Shirley and Joan are women on a mission. In Tallahassee this week they met with state lawmakers representing Palm Beach County on a number of issues and concerns.

“There is no most important,” Joan told South Florida Gay News on Monday afternoon when asked her most pressing concern.  

She went on to describe her advocacy efforts.

“When we visit our legislators we visit in a group,” Joan said. “We look at their records and each of us that does lobbying speaks to the issue that we know best and to their (legislator’s) voting record or record of bills introduced.”

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H. Joan Waitkevicz is the President of the Democratic Women’s Club of Palm Beach County. A native of New Jersey, Waitkevicz moved to Florida with her partner of 44 years, Shirley Y. Herman, in 2001. The women worked professionally for many years in Manhattan, N.Y.

Shirley, a short, white-haired “senior” stands in the hallway of the Four Points by Sheraton Tallahassee Downtown. She speaks to SFGN while waiting for her boxed lunch provided by the Democratic Women’s Club of Florida.

“Basically there’s an attack on the whole reasonable infrastructure for poor people,” said Herman. “The public schools, the health care… and then guns! Guns everywhere!!  The answer is okay, guns in the airport. We’re searched and asked to take off our shoes but you can bring guns to the airport.  Now things like open carry, now things like Stand Your Ground where in fact you don’t even have to prove that you were threatened. The prosecutors have to prove that you weren’t threatened. Everything seems to be turned on its head.”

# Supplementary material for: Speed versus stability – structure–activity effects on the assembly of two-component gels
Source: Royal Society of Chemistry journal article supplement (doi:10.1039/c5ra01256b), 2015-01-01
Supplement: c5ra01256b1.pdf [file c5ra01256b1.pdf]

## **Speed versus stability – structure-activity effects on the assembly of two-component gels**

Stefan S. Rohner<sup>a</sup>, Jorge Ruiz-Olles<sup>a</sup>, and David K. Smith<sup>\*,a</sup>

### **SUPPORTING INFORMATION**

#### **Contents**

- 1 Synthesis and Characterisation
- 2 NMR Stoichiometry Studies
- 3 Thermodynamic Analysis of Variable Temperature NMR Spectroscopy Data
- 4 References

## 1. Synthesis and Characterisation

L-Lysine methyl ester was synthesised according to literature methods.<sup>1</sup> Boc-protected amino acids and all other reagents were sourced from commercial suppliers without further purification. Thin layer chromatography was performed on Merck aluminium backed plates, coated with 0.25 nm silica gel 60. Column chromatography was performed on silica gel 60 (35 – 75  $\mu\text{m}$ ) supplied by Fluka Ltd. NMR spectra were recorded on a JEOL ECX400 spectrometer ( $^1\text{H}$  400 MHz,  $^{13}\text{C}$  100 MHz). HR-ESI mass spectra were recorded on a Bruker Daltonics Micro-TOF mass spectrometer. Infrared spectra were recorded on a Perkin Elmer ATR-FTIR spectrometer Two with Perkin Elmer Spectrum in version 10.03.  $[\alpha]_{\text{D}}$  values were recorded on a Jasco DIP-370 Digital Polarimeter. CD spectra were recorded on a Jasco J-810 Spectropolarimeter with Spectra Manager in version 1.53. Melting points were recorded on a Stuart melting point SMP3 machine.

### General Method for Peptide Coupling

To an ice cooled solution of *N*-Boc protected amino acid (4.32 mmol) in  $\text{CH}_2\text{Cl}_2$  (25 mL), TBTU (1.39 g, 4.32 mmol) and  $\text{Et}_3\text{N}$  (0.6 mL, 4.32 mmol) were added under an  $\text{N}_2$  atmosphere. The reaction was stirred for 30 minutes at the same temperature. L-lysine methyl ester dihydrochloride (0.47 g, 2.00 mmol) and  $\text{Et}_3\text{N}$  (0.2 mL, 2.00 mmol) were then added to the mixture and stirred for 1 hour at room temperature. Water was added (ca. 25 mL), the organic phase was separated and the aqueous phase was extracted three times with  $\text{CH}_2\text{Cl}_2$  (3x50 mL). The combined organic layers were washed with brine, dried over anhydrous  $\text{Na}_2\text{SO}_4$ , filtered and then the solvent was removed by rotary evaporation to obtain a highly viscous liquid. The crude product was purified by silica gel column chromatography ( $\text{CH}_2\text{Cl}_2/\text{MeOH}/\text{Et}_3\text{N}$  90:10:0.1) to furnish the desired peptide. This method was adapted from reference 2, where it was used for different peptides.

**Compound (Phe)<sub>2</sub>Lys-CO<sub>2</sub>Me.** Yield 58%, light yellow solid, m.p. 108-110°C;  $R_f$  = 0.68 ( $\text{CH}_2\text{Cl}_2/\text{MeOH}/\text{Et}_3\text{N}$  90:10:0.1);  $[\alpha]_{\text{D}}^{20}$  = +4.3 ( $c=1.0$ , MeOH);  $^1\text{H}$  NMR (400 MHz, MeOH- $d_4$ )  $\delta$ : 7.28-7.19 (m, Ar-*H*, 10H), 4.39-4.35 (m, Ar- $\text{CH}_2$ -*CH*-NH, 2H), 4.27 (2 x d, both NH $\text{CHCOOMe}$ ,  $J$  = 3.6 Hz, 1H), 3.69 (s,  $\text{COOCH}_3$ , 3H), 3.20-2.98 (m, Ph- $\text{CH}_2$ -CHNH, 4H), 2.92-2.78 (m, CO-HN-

Herman said she wrote a poem titled “I Want My Country Back.” She described her writing as an “affirmation.”

“There’s an attack on everything decent and everything reasonable and the reason for it is to save money for the very rich who are now obscenely rich. It’s insane.”

In her affirmation poem, Herman writes how she wants clean water and clean air and “no more environmental degradation.”

“These same very, very rich people have to breathe the same air and drink the same water and live on the same earth so what’s to gain if we destroy it all?” she said.

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On Tuesday midday, Herman and Waitkevicz joined other women in the rotunda of Florida’s capitol building. It was a rally for equal pay asking for $15 an hour minimum wage.

“If we can all earn well and secure our retirement and a little bit of peace of mind in our working life we can all grow and we can all benefit,” Waitkevicz said.

After the rally, the couple joined a group of six to lobby Representatives Matt Willhite, Joseph Abruzzo and Senator Bobby Powell.

“I am a lesbian, physician and abortion provider,” Waitkevicz said. “I am very concerned with Floridians having cutbacks to their healthcare. It would be a great achievement if by 2018 Floridians didn’t lose anything we now have. It’s going to be a terrible fight to retain what we now have.”

The Democratic Women’s Club of Florida held its annual “Tally Days” at the downtown circular-style hotel. The conference brought together women from all parts of the Sunshine State and addressed many topics.

“We’re not experts in all of them so we have to speak in areas of our expertise,” said Waitkevicz. “If all of the Democratic Women do that we’ll have an effective lobbying day.”